The Splat! Heard ‘Round the US(CL)

Last week the SF Mechanics squared off against the Miami Sharks in the Division finals, with the winner going on to meet the winner of the New York – New Jersey match (New York ended up advancing). While the final score was 2.5-1.5 in favor of the Sharks, we weren’t really in serious danger of being in the match. With draw odds and white on boards 1 and 3, we went into the match with high hopes, but as it was, history repeated itself and for the 3rd time, we lost in the playoffs with draw odds to Miami. I say we kick them out of the Western Division!

Here are the positions from our match after 15 moves (of course, we all reached this mark at different times):

Board 1: Kraai – Becerra

On board 1, Jesse was worse against Becerra’s surprise Grunfeld. Black equalized pretty quickly in the opening, but it wasn’t too bad for White. Unfortunately, Jesse found it difficult to back up the weakening f2-f4 thrust and soon shed the e3-pawn for no compensation. He was only saved when Becerra took a draw in a winning Rook and Pawn endgame to clinch the match for Miami.

Board 2: Lugo – Bhat

On my board, I was doing alright. Lugo surprised me with the Two Knights, but after some slightly non-standard maneuvers, I had played …c6. With …d5 soon to follow, I thought I had equalized. White doesn’t really have any kingside initiative, and after the pawn exchanges on d5, White has fewer pawn islands, but he can’t get at the d5-pawn so easily and his queenside pawns are a little weak.

Board 3: Pruess – Moreno Roman

On board 3, David was pretty much lost against Moreno Roman. David likes to play the King’s Gambit (even though Fischer refuted it ages ago!), and every so often, he produces a brilliancy like he did in France a month ago against GM Bogdan Lalic (take a look at the game here). Unfortunately, this time, he was on the receiving end of a miniature, as he allowed …Qh4+ in the opening and then had to defend against a furious onslaught. I’m not sure if the position was defensible to begin with, but from the above diagram, it ended in another move after 16.Qe1 Ng3.

Board 4: Rodriguez – Liou

On board 4, Yian was keeping it together against Rodriguez. With a big time advantage and a position that was about equal, I figured we’d have to rely on our two relatively equal positions to turn into wins. Sadly, after 16.Rxh8 Bxh8 17.Nd3, Yian allowed White to favorably change the structure by playing 17…Bg6. Now 18.Nxe5 dxe5 19.g4 (19.e4 looks even better) Qh7? 20.gxf5 Bxf5 21.e4 netted White a pawn, and Rodriguez cleaned up in a nice fashion. Instead of 17…Bg6, 17…Nc6 looks quite reasonable for Black.

Thanks to a little tactic, I turned my equal position into a clearly better one:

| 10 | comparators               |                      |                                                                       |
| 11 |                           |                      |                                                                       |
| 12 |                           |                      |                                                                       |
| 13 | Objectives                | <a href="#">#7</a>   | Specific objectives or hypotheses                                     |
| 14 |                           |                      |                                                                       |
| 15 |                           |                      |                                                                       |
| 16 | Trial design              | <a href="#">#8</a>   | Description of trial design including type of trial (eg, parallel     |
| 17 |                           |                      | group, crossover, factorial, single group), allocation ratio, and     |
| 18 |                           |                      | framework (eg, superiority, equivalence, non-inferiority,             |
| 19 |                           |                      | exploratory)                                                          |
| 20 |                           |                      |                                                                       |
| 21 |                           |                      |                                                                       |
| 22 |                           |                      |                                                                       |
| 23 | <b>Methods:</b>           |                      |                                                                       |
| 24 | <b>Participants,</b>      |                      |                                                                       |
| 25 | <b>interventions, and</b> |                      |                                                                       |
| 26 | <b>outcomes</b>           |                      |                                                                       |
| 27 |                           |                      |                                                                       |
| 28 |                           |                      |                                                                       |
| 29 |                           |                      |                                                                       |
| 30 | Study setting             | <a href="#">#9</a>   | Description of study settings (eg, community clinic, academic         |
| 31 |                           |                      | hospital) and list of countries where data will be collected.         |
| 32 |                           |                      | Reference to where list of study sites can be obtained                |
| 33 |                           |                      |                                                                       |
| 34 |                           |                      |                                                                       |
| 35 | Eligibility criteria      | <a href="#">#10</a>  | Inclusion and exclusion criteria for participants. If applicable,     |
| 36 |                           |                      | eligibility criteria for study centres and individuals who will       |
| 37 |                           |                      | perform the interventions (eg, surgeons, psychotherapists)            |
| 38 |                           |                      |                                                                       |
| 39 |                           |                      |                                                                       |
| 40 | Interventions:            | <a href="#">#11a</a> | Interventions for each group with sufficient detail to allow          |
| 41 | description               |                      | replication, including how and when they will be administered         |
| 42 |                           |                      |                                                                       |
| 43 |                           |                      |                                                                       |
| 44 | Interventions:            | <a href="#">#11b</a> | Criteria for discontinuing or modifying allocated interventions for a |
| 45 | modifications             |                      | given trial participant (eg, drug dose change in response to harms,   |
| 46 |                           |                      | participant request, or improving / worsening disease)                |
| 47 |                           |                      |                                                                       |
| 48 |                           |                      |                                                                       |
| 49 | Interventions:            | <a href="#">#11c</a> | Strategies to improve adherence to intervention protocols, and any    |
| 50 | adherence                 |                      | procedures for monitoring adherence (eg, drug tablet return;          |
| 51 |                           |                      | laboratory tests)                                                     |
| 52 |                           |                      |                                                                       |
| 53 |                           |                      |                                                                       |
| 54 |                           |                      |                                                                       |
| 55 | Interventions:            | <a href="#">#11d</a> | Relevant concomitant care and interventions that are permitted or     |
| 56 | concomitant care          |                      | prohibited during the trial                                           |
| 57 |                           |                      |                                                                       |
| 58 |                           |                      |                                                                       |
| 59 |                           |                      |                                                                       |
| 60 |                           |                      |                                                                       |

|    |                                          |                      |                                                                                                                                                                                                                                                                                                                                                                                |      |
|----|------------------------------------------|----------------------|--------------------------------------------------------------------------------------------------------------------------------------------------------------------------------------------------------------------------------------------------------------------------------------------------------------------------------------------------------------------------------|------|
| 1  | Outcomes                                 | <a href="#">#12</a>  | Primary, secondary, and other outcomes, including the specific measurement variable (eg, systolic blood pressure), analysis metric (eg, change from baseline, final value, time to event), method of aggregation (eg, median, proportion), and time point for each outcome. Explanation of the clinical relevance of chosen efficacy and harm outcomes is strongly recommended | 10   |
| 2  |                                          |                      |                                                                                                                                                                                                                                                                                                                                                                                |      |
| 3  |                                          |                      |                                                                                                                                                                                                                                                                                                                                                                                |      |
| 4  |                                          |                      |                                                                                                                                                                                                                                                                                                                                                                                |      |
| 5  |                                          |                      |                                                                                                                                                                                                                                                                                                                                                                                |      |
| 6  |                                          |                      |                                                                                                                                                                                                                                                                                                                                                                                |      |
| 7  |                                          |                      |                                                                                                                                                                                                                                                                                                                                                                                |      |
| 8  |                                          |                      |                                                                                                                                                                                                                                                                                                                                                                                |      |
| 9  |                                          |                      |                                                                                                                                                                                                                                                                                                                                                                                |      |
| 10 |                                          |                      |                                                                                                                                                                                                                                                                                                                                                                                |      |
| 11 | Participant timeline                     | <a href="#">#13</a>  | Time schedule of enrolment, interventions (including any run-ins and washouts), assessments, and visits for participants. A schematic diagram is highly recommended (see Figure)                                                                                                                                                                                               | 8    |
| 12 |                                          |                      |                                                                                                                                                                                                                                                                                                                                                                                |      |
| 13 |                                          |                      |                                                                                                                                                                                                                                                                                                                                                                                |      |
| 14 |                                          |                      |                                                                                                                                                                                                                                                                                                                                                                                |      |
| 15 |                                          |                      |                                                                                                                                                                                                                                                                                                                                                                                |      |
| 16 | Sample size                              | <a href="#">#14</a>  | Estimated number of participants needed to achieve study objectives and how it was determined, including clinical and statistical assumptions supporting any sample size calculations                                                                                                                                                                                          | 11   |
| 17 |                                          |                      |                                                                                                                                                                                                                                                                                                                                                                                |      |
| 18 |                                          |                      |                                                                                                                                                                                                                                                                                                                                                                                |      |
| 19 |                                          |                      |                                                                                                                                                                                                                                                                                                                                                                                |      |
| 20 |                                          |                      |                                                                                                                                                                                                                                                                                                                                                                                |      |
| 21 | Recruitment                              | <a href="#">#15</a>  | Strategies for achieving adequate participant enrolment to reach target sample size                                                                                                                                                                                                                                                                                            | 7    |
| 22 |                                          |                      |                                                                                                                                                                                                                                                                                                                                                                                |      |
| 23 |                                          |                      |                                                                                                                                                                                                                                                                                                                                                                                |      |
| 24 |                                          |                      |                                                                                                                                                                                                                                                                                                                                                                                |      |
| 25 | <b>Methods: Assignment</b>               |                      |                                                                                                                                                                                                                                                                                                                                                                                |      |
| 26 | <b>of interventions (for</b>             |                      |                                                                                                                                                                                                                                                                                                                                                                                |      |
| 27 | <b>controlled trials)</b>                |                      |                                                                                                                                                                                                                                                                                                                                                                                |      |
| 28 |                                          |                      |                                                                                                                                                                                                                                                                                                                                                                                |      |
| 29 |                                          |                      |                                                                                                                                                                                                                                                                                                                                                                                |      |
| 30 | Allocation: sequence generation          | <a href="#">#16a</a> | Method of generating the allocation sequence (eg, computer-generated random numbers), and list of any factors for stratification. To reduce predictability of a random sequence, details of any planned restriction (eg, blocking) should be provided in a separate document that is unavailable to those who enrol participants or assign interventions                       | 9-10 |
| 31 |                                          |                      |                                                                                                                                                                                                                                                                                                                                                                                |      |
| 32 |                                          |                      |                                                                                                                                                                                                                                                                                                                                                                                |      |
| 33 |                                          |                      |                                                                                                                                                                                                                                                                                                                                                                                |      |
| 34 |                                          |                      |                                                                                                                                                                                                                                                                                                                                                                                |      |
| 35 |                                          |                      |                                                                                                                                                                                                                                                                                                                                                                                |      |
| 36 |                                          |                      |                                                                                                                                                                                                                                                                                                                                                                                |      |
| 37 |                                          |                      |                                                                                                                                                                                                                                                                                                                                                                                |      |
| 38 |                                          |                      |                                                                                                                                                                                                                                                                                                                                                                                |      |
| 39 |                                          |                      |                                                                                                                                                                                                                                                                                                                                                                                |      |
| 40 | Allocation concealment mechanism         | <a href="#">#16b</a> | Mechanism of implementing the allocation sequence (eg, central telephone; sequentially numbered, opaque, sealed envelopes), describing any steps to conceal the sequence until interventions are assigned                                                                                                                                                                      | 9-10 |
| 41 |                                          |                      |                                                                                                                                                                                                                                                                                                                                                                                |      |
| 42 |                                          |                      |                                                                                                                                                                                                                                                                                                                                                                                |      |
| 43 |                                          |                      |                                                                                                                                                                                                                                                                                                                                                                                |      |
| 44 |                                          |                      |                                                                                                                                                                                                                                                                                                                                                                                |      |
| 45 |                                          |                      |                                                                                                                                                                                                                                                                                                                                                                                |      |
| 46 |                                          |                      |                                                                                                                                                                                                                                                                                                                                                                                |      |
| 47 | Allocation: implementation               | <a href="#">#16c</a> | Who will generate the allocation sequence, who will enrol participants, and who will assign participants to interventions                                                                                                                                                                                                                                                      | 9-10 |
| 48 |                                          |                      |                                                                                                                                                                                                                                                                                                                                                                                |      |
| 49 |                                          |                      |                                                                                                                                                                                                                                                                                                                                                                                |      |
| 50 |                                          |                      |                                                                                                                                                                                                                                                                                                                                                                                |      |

I played 20…h5! here, and Blas took a wrong turn with 21.Nh2. After 21…Bf6, Black is hitting the b2-pawn, but more importantly, he is threatening to play 22…Be5, trapping the knight on h2. White would have no choice but to give up his g-pawn then with 23.g3, but that’s a rather important pawn. Thus, Blas played 22.Qf2, but after 22…Be5 23.Nf3 Bg3, he lost the exchange. Instead of 21.Nh2, he could have played 21.Nf2, which is a little better. Still, I think Black’s position is better after 21…Bf6 22.c3 d4!. I ended up winning this game, but the finish of this game took place after the match was already put away by Miami.

So, as has been the case most years except for 2006 (when we won it all), we wait for next year. I think the team could have done better this season, but we did alright given the fact we were piecing together a lineup for pretty much every match.

From a personal standpoint, I was satisfied with my play. I lost my first two games of the year (the game against Stripunsky was a bad one, but the game against Barcenilla was pretty good and I should have won that one), but then scored 3.5/4 the rest of the way. Thanks to the 2 losses in 6 games, this was the first time in 5 years that my performance rating in the league was below 2550 FIDE. I clocked in at 2495 FIDE, marginally above my 2492 FIDE rating average for the season. Team captain John Donaldson has recapped the team’s performances in more detail at the team blog.

The finals match is scheduled for December 7th, and features Miami and New York. My guess is that New York will carry the day. With a double-GM lineup and then the underrated (for the league) Yaacov Norowitz on board 4, they seem to have the more dangerous lineup. Still, Miami has scored some big upsets themselves to get to the finals, so it won’t be an easy match.

One response to “The Splat! Heard ‘Round the US(CL)

  1. With the time controls and the circumstances of internet play, the natural question really is “what is the best opening to play?”. It seems like Pruess just didn’t know the theory well enough to play this opening against a strong player. If given enough time, you can definitely get away with knowing less theory, but isn’t the King’s Gambit really a lot about knowing the theory? But everyone makes mistakes with choices in and out of chess, so this kind of mistake is very forgivable (and forgetable). With that said, it seems like the best choice for an opening is one that is a) open game with the stipulation that you know the opening theory really well b) semi-open if you have reasonable confidence in your opening theoretical knowledge AND you are playing for a win c) closed game in positions that you’re well versed AND do not allow yourself to use very much time (shouldn’t be a ton of calculation) or d) I’m sure there’s a d but I’m just not good enough to realize it (in fact, there’s probably an e,f,g etc.).

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